The Russian elite however, having asset-stripped the aged and inefficient soviet industrial base, was unable to develop a strong capitalist economy competitive on the world market. The anarchic nineties during which the elite encouraged maximum decentralisation and deregulation ended when Yeltsin handed over to Putin in 2000. His task was to restore order within Russia, and Russia as a world power.
Although Russia supplies of over a third of Europe’s energy needs, worth almost 100 billion euros a year, and, because of cheap prices is able to sell the advanced but relatively cheap military and nuclear energy technologies developed in Soviet times, little is invested in industry and services. The gains from these businesses go to support the bloated and corrupt elite. Since Putin came to power, the number of chinovniks has grown from one to two million!
State corporations and ‘national projects’
The Russian government has not rejected neoliberalism completely. It follows a stringent budgetary policy which deprives healthcare, education and the skeleton social services of the resources they need. But it uses two significant strategies that contradict the traditional neo-liberal model. The first is state control over industry, particularly in the energy, defence and technology sectors through a network of ‘state corporations’ in which the state holds significant shareholdings and often unifying a whole industrial section into one corporation. Top managers are nominated and accountable to the government. At least a third of GDP is controlled in this way – about a half of all employees in Russia work in such corporations. These ‘corporations’ in many ways resemble how wartime capitalist governments take temporary control over the defence industry and in no way represent a return of socialist planning.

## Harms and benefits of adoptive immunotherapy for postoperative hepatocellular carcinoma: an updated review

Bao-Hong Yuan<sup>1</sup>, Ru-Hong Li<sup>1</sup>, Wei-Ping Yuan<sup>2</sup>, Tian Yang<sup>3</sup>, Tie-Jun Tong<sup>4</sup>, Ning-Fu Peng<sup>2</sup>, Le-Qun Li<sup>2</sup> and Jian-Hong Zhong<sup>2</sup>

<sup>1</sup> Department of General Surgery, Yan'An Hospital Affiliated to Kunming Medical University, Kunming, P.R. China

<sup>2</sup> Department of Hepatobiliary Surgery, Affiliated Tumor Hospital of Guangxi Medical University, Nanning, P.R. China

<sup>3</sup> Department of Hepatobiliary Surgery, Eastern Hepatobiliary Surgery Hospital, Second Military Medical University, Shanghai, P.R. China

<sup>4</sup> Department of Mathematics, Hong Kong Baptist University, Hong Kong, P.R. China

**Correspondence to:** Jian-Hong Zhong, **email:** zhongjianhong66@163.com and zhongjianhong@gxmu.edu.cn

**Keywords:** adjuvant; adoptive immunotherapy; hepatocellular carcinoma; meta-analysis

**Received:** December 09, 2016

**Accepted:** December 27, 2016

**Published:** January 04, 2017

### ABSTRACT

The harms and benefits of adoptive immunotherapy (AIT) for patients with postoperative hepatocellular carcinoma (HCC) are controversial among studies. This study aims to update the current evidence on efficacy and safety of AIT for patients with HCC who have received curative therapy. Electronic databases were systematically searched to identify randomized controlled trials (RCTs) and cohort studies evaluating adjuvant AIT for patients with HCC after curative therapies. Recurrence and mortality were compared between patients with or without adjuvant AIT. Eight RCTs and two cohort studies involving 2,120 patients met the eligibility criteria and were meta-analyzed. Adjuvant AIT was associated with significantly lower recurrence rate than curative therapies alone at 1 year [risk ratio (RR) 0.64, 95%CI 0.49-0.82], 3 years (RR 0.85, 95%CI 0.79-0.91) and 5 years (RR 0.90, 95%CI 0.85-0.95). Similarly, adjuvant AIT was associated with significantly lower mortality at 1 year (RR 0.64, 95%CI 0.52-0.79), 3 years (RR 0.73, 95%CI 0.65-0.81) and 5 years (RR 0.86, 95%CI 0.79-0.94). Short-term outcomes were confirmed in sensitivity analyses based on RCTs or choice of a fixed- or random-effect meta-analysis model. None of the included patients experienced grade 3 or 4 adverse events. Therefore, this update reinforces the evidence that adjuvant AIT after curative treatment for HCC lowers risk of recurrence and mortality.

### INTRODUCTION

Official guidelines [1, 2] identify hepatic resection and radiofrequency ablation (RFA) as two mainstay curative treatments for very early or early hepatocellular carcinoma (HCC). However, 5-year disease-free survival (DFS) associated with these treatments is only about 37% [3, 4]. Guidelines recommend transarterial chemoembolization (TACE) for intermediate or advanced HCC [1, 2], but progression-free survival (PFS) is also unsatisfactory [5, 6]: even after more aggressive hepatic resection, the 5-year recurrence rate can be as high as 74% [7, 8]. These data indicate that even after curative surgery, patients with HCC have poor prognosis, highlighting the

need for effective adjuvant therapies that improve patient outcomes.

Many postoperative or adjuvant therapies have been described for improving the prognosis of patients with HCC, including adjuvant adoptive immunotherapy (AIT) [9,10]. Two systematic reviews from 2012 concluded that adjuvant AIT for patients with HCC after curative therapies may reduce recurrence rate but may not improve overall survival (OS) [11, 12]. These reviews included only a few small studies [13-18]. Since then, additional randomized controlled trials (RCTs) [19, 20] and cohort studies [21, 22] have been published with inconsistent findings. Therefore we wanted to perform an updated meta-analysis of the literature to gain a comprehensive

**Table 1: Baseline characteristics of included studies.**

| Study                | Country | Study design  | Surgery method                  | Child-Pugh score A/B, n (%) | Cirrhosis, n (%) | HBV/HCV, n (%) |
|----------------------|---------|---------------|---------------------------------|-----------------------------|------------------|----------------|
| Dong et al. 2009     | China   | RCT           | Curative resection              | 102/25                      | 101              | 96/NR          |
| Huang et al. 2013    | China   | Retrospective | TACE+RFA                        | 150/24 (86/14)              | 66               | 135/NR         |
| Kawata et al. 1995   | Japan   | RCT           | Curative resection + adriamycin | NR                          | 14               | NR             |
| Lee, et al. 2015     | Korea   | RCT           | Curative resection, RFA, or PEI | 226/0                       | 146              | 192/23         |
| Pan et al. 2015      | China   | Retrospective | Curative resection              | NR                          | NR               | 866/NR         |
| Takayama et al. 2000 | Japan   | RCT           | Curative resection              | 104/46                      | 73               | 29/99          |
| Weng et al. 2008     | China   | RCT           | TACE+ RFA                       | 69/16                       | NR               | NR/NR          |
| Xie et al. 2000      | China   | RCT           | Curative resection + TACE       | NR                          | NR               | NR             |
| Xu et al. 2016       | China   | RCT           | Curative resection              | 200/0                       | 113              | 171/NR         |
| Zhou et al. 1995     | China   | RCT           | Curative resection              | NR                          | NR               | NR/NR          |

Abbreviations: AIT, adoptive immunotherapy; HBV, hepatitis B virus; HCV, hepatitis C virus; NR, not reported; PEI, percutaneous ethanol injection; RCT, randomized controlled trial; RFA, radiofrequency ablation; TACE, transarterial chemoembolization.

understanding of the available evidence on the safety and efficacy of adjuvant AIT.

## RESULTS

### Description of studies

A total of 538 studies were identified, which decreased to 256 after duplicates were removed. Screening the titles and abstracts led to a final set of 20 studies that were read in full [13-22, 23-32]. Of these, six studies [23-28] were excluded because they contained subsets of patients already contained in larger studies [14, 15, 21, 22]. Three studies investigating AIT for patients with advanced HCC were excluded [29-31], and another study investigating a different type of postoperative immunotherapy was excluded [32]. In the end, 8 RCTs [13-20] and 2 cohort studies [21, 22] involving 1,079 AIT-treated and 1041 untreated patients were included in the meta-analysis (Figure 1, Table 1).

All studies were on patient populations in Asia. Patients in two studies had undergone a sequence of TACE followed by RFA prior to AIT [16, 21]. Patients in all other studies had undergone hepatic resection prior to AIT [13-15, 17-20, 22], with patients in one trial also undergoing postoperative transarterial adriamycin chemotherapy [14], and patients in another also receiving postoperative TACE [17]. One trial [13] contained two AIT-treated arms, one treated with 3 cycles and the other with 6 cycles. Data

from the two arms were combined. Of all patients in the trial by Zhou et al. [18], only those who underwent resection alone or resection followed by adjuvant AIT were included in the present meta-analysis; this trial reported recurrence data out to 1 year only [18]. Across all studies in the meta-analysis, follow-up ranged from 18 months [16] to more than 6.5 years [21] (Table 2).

Secondly, the government attempts to stimulate the economy using ‘national projects’ supposedly to modernise high technology, healthcare and education. Some elite hospitals and universities have benefitted from new investment, but many others have been closed. Wage increases for doctors and teachers are accompanied by redundancies of large numbers of staff to finance the increases for the few. These projects are sucking money out of other sectors of the economy.
The global crisis hit Russia very hard. $1 trillion was wiped from Russian shares while GDP dropped by 7%. Fifty out of seventy banks were on the verge of collapse. While the US pumped in resources equivalent to 5% of its GDP to support its banks, Russia spent 11% of its GDP. Even though negative GDP growth was quickly reversed, it remained almost stagnant after, never since reaching the levels of pre 2008.
Support for the State Corporations was stepped up while the national projects gained importance. But to pay for the budget deficits this caused, 5,000 industrial objects were identified for privatization and a tough budgetary policy cutting money available for health, education and social services was followed. In effect a hybrid policy – state support and subsidies for the banks and business whilst the population suffered neo-liberal austerity was implemented. Living standards have now been declining for 6 years in a row.